How Long Until the National Debt Puts the American Dream Out of Reach for Hispanics?

Valerio Martinelli Economic Prosperity

Last month the strictly nonpartisan Congressional Budget office (CBO) released its 2015 Long-Term Budget Outlook, which painted our growing national debt as a major threat to the economic stability and future of our nation.

According to the report, the rising federal debt will slow down the already anemic economic growth in the coming decades, causing revenues to fall while at the same time reliance on government programs is expected to grow. This situation will force our nation to borrow even more, raising the probability of severe economic crisis. This predicament is particularly troubling for Hispanics, who due to their relative youth, compared to the rest of the population, will experience an erosion of the American Dream caused by decades of irresponsible fiscal policies. In fact, according to the CBO report: “the large amount of federal borrowing would draw away from private investment in productive capital over the long term, because the portion of people’s savings used to buy government securities would not be available to finance private investment.” In turn, federal spending on interest payments would rise, thus requiring the government to raise taxes, or reduce spending for benefits and services according to the CBO analysis.

How long the can the nation sustain the rising growth in federal debt? While even the CBO admits that answering this question with confidence is difficult, its last report offers a frightening certainty about what would eventually happen if the national debt keeps growing:

At some point, investors would begin to doubt the government’s willingness or ability to meet its debt obligations, requiring it to pay much higher interest costs in order to continue borrowing money. Such a fiscal crisis would present policymakers with extremely difficult choices and would probably have a substantial negative impact on the country. Unfortunately, there is no way to predict confidently whether or when such a fiscal crisis might occur in the United States. In particular, as the debt-to-GDP ratio rises, there is no identifiable point indicating that a crisis is likely or imminent. But all else being equal, the larger a government’s debt, the greater the risk of a fiscal crisis.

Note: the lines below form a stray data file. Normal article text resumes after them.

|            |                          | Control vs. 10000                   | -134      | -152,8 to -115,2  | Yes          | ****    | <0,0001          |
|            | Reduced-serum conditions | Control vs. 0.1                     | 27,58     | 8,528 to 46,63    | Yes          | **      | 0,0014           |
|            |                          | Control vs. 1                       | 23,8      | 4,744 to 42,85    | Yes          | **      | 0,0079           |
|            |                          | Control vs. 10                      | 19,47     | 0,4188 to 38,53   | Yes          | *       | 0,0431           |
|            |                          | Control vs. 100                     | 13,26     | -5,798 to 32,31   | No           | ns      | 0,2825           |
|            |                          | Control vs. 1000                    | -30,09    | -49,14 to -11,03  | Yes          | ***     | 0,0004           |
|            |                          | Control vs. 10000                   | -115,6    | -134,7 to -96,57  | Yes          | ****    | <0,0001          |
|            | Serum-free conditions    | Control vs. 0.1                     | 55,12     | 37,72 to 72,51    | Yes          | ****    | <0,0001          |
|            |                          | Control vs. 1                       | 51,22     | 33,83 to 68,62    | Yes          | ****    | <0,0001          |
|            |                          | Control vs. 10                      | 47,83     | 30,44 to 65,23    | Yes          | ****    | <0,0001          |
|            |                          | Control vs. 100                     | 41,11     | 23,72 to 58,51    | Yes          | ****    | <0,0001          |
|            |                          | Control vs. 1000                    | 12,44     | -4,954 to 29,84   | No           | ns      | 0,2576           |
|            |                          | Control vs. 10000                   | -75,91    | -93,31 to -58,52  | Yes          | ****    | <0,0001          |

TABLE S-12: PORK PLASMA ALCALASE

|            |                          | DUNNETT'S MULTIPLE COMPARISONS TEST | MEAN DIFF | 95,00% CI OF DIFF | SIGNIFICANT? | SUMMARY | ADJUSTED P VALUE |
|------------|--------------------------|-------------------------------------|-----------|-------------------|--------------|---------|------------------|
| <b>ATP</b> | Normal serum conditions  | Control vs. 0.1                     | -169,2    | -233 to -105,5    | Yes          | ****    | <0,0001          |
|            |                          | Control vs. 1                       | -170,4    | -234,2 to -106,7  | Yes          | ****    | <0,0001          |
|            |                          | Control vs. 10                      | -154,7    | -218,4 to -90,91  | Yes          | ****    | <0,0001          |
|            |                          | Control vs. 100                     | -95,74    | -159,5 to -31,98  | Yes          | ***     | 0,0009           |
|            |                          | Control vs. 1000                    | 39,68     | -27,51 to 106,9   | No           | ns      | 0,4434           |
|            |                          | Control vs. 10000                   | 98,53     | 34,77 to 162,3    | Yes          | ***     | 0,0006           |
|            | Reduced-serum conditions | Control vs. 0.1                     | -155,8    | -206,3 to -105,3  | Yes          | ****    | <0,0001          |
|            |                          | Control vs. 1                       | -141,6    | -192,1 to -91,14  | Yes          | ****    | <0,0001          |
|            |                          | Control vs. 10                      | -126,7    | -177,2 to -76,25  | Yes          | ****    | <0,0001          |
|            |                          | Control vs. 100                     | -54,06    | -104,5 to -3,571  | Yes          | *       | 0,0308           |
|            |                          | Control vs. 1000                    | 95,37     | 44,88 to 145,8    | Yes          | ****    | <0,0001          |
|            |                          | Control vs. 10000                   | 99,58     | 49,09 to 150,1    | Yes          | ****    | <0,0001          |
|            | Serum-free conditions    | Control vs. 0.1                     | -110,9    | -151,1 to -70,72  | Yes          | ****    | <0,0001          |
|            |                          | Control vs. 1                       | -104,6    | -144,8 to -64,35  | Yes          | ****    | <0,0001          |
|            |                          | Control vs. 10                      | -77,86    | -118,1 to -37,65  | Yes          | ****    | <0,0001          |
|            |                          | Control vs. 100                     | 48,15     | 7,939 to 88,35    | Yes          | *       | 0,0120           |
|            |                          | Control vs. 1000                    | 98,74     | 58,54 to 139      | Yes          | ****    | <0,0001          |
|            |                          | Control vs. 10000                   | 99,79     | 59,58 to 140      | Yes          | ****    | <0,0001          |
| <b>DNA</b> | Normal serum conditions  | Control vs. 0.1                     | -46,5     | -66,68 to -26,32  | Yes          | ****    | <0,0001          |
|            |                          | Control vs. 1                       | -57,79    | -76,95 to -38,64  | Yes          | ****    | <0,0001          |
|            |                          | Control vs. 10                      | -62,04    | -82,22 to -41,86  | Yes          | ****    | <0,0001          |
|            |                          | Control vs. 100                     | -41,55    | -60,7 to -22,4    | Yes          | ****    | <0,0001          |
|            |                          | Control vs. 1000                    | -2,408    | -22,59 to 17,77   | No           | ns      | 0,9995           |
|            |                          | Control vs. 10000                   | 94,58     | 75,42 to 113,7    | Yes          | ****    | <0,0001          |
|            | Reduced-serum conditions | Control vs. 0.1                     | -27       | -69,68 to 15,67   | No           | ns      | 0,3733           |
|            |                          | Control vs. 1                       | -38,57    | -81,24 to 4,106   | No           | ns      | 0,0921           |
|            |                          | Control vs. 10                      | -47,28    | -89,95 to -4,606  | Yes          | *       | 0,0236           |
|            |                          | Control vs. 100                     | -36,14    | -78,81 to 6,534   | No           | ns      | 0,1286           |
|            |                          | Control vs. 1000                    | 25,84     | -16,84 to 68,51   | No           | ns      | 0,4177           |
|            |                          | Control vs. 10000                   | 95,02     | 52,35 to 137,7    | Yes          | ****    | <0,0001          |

While the pressure on lawmakers to reduce our federal deficits seem to have lowered in recent months, this CBO report is an important reminder about just how critical it is to address our out-of-control national debt to secure long-term prosperity in the country. The current fiscal challenges of Puerto Rico and Greece should remind us of just how toxic runaway deficits can be for any economy. When government debt becomes unsustainable, the poor and the neediest in particular bear the brunt of its negative consequences. Failing to deal with our ballooning national debt means not only to ignore the real dangers of government overspending, but also to deny the aspirations of all Americans — including the Hispanic community — to reach the American Dream.

Hispanics, more than other demographic group, still believe in the American dream despite an anemic recovery and a sluggish economy that is keeping millions of them in poverty (Hispanics have the second highest poverty rate). Additionally, Hispanics start small businesses at twice the national rate, a trait that is representative of their entrepreneurial spirit and desire to move forward, but that may change in light of the ever-expanding body of expensive regulations. For how long can Hispanics endure an economy that doesn’t grow enough? Hispanics are doing their part to keep the American Dream alive. It is time for our policymakers to do their part for future generations by controlling our national debt.